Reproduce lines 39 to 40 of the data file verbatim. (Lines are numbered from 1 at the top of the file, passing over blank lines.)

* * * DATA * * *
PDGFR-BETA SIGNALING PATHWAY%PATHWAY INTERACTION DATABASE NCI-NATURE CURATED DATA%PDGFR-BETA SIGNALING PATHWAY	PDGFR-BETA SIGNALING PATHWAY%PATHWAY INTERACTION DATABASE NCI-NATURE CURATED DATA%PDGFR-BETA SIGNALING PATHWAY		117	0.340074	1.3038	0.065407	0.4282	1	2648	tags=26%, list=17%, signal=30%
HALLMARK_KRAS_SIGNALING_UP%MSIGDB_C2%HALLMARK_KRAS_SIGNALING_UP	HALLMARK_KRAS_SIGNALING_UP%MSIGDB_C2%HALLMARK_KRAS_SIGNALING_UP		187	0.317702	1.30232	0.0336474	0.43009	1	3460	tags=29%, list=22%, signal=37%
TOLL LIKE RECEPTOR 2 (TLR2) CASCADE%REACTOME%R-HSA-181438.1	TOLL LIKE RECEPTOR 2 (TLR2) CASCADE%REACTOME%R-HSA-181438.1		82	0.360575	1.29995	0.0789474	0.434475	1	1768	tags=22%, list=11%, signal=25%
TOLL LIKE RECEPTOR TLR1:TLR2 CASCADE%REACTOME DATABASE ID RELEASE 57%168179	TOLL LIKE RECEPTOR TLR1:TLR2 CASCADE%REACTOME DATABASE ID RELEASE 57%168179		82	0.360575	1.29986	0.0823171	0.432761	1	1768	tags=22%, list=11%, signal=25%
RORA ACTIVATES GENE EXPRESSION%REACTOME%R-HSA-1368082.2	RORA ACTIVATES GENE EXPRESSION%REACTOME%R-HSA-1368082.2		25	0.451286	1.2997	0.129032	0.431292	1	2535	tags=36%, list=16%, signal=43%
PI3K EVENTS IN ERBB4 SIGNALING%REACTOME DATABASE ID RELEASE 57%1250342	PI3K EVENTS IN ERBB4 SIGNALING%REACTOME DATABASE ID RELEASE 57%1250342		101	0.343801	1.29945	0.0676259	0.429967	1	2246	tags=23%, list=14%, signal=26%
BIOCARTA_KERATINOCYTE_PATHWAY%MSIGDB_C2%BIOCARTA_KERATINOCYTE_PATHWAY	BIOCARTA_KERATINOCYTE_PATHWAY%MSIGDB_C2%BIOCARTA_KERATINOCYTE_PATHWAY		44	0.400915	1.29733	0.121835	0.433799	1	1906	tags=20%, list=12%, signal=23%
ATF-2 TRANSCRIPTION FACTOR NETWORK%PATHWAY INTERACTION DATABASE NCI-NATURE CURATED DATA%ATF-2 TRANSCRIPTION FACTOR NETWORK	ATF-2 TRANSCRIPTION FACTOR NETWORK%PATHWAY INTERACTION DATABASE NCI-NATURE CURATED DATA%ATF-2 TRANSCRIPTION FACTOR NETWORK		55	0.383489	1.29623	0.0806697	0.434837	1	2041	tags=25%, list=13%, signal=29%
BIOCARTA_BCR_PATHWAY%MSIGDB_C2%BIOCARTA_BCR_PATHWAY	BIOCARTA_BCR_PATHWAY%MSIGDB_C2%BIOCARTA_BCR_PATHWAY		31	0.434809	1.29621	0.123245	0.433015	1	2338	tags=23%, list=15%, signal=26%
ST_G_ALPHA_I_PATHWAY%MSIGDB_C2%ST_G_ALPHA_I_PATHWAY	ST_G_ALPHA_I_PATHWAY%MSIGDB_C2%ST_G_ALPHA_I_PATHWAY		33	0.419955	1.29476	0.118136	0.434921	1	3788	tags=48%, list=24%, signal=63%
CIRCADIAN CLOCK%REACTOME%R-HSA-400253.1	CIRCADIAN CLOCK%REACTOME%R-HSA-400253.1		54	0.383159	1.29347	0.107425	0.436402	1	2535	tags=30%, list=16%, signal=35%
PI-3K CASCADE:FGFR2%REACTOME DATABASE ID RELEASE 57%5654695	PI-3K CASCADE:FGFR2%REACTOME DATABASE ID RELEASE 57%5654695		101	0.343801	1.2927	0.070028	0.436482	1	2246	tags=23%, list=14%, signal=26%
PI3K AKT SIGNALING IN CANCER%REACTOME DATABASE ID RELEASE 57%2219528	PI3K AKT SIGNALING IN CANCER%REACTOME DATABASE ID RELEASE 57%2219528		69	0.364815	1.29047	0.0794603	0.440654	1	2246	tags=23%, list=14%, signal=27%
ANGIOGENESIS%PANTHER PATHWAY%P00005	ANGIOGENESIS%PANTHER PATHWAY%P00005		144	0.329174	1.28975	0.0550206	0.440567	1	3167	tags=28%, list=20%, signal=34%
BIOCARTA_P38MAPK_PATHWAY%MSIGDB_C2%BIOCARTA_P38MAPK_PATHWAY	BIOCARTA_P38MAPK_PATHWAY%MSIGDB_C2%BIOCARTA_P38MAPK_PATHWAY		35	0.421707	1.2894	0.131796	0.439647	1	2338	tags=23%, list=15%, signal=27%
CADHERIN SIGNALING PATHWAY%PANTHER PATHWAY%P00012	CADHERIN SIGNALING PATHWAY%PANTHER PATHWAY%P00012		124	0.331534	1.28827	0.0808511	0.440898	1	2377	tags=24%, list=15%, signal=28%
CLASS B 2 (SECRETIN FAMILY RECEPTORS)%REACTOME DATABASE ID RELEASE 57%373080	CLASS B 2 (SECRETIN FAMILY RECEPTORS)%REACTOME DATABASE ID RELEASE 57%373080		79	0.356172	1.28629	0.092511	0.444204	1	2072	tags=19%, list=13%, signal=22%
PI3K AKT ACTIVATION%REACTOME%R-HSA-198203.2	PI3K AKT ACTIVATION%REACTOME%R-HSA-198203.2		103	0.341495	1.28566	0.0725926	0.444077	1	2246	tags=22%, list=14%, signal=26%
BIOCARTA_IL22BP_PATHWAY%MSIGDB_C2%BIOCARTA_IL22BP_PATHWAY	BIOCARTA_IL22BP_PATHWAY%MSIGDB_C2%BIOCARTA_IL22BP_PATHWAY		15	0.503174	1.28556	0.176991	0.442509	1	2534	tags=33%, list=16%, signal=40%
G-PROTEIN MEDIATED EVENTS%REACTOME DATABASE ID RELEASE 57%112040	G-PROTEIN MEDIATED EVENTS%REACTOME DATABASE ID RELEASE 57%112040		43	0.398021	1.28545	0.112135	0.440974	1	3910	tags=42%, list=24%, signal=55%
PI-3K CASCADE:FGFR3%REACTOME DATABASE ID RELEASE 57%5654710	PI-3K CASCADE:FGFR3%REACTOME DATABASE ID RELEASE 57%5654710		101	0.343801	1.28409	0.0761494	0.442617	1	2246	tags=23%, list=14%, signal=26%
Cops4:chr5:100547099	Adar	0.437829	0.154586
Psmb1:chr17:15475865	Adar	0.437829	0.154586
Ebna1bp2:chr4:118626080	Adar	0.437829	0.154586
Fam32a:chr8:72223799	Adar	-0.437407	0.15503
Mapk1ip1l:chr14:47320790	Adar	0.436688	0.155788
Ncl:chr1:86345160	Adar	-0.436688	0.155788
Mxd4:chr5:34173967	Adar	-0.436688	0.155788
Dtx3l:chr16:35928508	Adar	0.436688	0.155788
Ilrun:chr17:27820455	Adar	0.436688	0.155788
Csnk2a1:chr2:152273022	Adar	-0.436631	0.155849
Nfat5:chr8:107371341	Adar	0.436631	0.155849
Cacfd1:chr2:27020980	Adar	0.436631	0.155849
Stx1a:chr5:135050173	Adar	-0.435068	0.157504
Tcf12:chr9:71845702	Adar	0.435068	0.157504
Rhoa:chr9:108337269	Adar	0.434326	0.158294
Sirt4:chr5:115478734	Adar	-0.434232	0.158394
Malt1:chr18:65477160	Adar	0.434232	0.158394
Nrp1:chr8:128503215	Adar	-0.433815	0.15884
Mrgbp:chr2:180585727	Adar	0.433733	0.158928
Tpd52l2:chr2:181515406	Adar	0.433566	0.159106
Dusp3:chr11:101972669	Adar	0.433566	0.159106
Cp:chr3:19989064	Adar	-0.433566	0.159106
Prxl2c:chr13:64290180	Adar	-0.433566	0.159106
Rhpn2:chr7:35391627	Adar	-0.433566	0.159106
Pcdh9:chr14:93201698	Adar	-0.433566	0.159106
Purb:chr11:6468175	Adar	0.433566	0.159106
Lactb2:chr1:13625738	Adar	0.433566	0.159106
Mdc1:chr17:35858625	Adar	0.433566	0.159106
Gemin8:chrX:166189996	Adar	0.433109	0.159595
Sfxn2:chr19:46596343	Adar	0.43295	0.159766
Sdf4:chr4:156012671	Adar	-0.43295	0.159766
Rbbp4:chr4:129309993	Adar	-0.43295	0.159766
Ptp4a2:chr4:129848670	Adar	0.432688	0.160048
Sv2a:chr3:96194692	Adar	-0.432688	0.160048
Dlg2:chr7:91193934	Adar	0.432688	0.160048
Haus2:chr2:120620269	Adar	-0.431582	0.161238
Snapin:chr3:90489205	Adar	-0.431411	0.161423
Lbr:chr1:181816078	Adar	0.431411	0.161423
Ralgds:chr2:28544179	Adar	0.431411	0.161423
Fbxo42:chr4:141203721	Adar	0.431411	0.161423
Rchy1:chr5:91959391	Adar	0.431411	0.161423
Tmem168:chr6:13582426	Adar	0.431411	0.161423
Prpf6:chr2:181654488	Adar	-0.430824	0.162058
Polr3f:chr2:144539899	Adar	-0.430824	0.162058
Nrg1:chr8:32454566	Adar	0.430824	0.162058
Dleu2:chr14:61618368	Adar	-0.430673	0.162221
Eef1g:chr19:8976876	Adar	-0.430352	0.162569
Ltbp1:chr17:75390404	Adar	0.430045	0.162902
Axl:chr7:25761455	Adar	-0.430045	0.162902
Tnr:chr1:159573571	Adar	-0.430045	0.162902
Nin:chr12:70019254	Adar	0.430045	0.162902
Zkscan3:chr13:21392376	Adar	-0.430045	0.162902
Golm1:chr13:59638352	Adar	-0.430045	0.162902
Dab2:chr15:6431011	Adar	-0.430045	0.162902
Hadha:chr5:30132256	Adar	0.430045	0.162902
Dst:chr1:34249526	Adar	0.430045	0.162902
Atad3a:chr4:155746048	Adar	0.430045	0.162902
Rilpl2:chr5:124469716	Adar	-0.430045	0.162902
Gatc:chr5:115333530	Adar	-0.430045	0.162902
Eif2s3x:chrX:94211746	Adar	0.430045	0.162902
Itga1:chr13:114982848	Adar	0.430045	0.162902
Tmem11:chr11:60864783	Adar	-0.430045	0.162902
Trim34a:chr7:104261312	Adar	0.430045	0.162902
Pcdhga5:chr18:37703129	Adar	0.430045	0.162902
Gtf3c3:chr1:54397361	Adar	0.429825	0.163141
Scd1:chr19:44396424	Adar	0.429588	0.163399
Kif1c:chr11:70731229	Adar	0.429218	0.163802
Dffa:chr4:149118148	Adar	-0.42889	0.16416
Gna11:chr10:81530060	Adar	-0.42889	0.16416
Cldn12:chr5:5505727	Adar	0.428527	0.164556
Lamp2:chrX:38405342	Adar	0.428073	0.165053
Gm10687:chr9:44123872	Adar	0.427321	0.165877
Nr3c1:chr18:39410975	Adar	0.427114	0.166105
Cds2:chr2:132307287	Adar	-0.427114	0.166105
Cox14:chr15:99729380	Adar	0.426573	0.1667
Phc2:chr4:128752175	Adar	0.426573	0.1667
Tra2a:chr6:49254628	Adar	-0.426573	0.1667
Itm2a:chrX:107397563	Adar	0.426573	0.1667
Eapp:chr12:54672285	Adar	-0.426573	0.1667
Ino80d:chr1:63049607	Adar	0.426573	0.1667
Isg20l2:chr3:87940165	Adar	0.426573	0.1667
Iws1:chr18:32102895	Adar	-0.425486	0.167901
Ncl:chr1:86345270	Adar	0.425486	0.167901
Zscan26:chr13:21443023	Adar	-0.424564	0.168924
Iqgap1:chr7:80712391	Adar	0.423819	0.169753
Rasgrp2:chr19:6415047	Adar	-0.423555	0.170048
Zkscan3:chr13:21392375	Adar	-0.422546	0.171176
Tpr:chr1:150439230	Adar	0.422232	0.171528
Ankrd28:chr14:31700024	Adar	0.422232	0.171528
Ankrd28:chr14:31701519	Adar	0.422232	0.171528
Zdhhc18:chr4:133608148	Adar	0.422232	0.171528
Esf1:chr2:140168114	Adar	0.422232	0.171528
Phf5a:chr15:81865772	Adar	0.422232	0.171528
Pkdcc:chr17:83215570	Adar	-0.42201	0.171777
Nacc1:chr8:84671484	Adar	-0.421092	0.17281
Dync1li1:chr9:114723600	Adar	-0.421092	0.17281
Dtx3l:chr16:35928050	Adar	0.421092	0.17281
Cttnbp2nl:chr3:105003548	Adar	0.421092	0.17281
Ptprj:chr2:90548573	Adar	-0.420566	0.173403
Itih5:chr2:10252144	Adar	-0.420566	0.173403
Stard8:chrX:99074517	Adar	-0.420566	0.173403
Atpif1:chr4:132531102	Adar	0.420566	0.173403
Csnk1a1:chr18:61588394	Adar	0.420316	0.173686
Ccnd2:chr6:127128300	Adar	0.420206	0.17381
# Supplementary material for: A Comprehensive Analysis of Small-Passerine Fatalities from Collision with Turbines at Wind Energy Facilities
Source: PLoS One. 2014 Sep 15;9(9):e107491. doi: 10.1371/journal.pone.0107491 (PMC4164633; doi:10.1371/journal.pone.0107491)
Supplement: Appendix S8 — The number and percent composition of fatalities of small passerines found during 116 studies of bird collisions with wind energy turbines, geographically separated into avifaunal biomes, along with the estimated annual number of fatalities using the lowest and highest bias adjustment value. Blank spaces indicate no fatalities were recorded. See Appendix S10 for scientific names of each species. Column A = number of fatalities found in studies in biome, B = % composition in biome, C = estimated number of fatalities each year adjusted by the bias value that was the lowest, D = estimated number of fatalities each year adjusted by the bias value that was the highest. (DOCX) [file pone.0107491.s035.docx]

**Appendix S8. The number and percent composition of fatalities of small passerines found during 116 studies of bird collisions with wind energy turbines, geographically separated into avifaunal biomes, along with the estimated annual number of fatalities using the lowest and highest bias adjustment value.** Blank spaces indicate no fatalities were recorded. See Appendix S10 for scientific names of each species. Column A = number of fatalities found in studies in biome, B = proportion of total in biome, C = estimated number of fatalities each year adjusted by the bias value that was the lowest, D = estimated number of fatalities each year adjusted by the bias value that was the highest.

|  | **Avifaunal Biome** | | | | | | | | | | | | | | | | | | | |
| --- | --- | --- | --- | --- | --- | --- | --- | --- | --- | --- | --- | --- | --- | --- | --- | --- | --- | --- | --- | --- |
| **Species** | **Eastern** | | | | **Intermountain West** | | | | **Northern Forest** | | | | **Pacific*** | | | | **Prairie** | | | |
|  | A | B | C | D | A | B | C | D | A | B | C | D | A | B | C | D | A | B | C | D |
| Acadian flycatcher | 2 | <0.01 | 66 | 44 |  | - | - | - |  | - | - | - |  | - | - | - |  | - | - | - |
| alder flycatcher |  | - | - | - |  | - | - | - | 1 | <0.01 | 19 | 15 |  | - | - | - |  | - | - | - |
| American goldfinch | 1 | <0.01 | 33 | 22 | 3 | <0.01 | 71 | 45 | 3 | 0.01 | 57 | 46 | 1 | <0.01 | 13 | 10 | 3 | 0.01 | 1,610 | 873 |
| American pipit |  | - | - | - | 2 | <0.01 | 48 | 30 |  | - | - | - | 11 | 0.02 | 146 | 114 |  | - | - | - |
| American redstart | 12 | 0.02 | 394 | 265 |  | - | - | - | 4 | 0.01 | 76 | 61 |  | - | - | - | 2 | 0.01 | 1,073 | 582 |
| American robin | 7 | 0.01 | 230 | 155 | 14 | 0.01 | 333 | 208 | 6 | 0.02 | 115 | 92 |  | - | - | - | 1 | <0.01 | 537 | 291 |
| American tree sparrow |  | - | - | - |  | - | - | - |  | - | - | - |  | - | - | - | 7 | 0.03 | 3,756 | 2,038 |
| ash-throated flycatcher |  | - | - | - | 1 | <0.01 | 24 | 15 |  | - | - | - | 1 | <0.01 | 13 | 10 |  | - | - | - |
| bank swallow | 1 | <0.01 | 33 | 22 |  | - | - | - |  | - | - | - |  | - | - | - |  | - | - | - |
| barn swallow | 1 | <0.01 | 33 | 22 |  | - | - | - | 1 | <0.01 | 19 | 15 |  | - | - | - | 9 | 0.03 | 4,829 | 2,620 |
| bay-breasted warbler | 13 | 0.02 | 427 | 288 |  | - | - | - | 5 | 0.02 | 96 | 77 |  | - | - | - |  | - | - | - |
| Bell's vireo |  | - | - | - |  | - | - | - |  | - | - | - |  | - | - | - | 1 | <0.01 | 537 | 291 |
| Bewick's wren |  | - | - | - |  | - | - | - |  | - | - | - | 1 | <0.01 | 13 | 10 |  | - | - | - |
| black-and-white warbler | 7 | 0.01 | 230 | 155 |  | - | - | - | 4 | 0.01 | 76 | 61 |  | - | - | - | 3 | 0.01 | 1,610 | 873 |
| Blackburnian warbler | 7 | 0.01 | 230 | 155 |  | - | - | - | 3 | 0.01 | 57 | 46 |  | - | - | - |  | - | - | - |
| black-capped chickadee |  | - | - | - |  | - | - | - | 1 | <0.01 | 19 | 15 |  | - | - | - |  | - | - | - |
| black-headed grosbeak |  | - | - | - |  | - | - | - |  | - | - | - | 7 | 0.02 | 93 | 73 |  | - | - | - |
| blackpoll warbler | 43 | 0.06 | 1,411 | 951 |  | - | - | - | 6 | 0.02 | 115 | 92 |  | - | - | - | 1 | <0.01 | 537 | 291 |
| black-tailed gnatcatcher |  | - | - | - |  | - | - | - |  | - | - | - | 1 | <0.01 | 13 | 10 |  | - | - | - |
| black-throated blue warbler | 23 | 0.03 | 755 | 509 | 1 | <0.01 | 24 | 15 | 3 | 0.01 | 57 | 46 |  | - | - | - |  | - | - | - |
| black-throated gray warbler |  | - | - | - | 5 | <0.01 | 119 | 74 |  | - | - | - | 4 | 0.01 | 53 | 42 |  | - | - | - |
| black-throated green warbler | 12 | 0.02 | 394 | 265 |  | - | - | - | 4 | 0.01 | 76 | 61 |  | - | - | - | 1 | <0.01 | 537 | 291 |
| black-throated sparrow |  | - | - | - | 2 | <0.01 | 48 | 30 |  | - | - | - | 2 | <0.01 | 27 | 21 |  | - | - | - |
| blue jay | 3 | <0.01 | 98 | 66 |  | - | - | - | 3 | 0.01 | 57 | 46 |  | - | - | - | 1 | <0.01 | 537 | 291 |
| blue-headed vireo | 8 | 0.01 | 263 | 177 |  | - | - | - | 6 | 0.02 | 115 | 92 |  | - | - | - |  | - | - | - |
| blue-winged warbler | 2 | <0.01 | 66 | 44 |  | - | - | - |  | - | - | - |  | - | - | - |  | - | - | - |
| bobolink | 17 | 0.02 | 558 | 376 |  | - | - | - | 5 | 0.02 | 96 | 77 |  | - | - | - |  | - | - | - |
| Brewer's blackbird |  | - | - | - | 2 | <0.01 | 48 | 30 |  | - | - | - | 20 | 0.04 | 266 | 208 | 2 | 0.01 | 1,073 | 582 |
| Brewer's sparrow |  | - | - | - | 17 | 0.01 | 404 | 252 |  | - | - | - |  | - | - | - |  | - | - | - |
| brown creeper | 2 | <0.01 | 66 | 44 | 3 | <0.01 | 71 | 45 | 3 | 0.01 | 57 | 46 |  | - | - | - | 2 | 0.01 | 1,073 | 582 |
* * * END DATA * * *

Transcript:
Nrp1:chr8:128503215	Adar	-0.433815	0.15884
Mrgbp:chr2:180585727	Adar	0.433733	0.158928